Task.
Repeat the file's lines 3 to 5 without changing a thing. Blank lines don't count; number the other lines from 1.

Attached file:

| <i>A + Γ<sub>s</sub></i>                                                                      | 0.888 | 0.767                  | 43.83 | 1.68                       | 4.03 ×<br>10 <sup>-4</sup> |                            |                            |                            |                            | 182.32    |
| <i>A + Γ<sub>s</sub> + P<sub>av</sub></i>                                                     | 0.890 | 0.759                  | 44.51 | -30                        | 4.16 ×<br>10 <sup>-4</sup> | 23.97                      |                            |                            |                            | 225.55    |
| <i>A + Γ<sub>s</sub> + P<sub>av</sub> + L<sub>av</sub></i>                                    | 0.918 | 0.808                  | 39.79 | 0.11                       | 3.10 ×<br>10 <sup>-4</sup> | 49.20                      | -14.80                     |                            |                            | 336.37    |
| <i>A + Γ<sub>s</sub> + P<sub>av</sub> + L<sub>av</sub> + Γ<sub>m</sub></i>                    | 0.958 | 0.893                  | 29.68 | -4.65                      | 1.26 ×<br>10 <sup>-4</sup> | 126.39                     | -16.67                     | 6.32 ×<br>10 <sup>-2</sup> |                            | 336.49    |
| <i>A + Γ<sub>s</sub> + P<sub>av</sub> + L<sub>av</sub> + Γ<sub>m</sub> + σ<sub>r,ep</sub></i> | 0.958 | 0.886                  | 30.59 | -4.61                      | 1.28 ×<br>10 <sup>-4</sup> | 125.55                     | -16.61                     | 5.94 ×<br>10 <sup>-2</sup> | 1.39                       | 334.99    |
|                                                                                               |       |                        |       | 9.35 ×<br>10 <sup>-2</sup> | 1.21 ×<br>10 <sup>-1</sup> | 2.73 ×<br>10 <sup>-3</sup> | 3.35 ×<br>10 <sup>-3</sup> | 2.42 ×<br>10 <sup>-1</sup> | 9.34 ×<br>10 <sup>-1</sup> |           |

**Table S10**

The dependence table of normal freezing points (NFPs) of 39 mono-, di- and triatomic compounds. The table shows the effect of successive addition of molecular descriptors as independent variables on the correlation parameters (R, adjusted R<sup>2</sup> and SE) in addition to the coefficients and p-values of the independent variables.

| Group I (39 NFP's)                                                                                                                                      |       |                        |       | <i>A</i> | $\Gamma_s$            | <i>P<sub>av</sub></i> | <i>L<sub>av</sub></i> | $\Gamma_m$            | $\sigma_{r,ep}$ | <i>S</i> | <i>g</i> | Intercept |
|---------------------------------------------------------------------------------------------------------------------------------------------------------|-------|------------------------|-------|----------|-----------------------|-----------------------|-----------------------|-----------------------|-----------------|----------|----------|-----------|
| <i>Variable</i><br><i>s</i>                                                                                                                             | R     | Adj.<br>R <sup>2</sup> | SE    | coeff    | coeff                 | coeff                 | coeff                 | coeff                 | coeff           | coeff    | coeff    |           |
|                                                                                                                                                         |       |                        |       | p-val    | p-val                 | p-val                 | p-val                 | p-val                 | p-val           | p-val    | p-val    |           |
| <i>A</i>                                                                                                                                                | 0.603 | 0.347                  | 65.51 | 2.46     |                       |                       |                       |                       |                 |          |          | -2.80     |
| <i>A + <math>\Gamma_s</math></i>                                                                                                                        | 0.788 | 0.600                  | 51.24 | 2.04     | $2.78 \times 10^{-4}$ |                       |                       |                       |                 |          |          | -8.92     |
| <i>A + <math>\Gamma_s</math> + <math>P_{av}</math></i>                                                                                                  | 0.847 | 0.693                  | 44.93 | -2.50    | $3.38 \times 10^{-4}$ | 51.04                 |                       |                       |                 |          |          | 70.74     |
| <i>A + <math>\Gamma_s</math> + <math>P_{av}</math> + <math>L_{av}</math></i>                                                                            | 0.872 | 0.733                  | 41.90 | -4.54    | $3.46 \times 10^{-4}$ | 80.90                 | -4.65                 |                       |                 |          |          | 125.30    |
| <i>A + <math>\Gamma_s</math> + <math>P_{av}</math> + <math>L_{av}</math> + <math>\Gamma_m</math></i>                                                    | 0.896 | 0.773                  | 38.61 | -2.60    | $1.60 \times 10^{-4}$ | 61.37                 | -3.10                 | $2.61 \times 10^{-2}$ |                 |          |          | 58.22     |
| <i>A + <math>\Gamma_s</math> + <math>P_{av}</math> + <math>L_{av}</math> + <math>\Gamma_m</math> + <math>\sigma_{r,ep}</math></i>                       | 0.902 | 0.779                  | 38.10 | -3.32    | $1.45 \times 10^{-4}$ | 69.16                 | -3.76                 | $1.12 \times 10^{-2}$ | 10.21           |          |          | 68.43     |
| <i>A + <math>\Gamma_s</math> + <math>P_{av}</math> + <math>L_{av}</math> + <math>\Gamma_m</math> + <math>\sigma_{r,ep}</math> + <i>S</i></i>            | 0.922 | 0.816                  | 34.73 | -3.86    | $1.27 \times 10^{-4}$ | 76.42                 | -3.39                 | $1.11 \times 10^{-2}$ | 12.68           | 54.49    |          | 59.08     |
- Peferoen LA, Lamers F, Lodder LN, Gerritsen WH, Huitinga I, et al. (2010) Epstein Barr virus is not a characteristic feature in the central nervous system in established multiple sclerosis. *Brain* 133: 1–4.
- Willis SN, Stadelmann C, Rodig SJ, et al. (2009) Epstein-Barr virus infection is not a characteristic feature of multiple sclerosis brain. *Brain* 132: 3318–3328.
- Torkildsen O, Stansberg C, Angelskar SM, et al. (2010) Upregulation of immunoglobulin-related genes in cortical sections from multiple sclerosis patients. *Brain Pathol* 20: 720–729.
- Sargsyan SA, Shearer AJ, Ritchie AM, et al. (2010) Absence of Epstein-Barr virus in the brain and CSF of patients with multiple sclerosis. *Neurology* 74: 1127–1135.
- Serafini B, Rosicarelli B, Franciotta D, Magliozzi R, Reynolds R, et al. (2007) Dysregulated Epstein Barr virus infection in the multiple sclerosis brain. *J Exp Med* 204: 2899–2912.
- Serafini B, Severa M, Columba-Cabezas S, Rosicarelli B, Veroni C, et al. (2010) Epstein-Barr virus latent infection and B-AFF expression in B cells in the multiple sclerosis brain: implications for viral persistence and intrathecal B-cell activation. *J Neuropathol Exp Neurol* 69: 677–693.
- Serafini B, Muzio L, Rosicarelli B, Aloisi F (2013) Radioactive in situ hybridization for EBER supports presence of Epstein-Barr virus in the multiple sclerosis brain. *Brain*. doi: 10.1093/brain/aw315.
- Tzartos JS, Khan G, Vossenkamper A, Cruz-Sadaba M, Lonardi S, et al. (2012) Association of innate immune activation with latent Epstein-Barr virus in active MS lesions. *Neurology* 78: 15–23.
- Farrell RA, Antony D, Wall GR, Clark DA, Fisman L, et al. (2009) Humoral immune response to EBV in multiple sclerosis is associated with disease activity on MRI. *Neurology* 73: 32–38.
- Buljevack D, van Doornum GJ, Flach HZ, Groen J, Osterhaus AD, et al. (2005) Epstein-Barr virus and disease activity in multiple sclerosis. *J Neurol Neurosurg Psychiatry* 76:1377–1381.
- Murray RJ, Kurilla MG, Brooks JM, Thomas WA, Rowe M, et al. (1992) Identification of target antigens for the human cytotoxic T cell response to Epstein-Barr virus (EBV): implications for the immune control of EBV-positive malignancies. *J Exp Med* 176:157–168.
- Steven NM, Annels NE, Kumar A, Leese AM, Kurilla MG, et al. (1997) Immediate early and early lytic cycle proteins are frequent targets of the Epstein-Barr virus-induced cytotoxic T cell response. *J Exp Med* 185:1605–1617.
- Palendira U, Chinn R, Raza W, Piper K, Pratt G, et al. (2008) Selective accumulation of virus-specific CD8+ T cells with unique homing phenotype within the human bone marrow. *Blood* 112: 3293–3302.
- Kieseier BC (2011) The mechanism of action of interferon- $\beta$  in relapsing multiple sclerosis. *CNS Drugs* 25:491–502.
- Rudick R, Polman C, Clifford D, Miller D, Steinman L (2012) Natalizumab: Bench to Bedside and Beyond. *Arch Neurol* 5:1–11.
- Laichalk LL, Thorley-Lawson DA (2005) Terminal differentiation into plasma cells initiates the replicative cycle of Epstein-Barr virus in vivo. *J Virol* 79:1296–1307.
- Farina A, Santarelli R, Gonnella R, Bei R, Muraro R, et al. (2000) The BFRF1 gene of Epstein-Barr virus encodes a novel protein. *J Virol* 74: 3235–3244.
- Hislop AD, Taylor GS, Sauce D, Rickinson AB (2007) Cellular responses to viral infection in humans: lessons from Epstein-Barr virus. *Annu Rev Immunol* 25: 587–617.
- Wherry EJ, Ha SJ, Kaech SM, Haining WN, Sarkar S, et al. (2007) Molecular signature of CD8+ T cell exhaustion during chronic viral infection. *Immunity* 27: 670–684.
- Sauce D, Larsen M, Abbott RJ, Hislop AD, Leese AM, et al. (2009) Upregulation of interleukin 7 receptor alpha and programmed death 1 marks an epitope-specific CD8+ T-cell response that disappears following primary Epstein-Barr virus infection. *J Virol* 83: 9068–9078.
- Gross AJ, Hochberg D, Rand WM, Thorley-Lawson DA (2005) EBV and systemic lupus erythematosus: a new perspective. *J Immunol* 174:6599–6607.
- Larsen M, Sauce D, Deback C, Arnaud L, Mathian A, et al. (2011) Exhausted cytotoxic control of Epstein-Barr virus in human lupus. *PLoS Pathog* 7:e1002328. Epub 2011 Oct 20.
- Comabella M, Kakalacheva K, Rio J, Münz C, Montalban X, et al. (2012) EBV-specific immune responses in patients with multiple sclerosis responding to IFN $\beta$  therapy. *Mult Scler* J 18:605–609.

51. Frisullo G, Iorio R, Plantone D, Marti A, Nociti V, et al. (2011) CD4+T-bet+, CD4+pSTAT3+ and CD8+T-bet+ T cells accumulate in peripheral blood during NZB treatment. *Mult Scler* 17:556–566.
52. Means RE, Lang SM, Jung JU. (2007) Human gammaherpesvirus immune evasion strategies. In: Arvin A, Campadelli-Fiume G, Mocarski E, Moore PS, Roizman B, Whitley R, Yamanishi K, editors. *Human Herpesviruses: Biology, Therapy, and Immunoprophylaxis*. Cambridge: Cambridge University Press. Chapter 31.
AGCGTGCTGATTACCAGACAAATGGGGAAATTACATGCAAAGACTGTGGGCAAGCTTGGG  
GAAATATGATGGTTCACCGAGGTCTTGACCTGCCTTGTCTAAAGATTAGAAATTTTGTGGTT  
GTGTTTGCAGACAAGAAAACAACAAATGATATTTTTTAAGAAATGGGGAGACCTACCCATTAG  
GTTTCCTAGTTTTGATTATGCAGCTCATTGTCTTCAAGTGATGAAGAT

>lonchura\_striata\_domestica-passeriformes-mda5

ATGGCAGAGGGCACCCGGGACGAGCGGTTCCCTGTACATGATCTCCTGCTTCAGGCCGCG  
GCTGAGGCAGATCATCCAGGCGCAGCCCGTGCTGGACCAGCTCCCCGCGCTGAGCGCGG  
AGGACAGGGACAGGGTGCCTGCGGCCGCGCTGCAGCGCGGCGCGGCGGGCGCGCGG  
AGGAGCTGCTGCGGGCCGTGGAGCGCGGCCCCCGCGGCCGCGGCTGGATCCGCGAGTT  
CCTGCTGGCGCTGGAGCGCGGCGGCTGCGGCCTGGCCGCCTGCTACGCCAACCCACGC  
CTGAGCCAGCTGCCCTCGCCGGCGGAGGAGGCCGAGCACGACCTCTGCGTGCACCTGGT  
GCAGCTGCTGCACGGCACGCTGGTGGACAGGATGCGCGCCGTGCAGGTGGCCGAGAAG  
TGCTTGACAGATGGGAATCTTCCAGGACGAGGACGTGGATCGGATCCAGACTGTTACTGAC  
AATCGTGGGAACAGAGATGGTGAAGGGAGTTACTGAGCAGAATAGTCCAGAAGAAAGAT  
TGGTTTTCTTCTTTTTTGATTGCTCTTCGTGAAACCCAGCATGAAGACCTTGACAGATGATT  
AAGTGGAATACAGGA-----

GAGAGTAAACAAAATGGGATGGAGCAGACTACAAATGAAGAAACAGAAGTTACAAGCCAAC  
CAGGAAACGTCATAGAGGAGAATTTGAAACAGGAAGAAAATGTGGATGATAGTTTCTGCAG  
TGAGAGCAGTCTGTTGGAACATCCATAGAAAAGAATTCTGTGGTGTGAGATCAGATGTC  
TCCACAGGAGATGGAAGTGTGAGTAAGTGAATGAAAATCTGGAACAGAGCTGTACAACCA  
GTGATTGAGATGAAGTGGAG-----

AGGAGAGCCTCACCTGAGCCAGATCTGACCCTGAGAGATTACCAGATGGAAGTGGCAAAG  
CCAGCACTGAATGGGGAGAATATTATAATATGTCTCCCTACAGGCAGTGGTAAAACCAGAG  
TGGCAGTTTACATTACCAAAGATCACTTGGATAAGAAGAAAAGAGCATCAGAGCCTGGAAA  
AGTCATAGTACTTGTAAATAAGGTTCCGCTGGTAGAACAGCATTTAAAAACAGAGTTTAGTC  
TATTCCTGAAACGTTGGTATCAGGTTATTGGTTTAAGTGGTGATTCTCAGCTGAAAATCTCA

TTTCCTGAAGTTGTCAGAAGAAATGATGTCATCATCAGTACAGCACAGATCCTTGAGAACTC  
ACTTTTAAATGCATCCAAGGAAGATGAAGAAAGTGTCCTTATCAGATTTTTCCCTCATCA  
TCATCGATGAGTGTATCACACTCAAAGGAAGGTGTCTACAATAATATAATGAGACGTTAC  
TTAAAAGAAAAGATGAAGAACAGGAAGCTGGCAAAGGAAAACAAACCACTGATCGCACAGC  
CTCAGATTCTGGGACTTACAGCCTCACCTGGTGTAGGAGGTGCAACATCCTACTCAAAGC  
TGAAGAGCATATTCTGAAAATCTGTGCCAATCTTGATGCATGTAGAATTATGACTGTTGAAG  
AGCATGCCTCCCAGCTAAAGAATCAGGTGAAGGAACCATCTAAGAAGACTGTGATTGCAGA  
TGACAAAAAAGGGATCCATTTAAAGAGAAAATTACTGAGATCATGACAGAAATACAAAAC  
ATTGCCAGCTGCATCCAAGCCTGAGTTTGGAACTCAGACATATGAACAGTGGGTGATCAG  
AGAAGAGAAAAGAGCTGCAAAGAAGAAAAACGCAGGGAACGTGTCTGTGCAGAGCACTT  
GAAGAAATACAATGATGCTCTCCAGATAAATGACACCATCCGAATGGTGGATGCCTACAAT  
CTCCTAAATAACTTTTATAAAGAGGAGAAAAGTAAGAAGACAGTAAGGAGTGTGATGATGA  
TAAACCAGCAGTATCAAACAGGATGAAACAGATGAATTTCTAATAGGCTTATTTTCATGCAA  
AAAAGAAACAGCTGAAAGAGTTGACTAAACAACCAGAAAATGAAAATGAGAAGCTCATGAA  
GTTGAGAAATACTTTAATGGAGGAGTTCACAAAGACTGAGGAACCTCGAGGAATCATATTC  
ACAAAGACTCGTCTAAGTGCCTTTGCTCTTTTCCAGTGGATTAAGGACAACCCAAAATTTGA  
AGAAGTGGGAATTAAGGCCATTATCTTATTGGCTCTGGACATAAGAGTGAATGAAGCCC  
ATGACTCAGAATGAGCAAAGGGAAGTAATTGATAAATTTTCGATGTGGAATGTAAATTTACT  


| <i>A + Γ<sub>s</sub> + P<sub>av</sub> + L<sub>av</sub></i>                                    | 0.918 | 0.808                  | 39.79 | 0.11                       | 3.10 ×<br>10 <sup>-4</sup> | 49.20                      | -14.80                     |                            |                            | 336.37    |
| <i>A + Γ<sub>s</sub> + P<sub>av</sub> + L<sub>av</sub> + Γ<sub>m</sub></i>                    | 0.958 | 0.893                  | 29.68 | -4.65                      | 1.26 ×<br>10 <sup>-4</sup> | 126.39                     | -16.67                     | 6.32 ×<br>10 <sup>-2</sup> |                            | 336.49    |
| <i>A + Γ<sub>s</sub> + P<sub>av</sub> + L<sub>av</sub> + Γ<sub>m</sub> + σ<sub>r,ep</sub></i> | 0.958 | 0.886                  | 30.59 | -4.61                      | 1.28 ×<br>10 <sup>-4</sup> | 125.55                     | -16.61                     | 5.94 ×<br>10 <sup>-2</sup> | 1.39                       | 334.99    |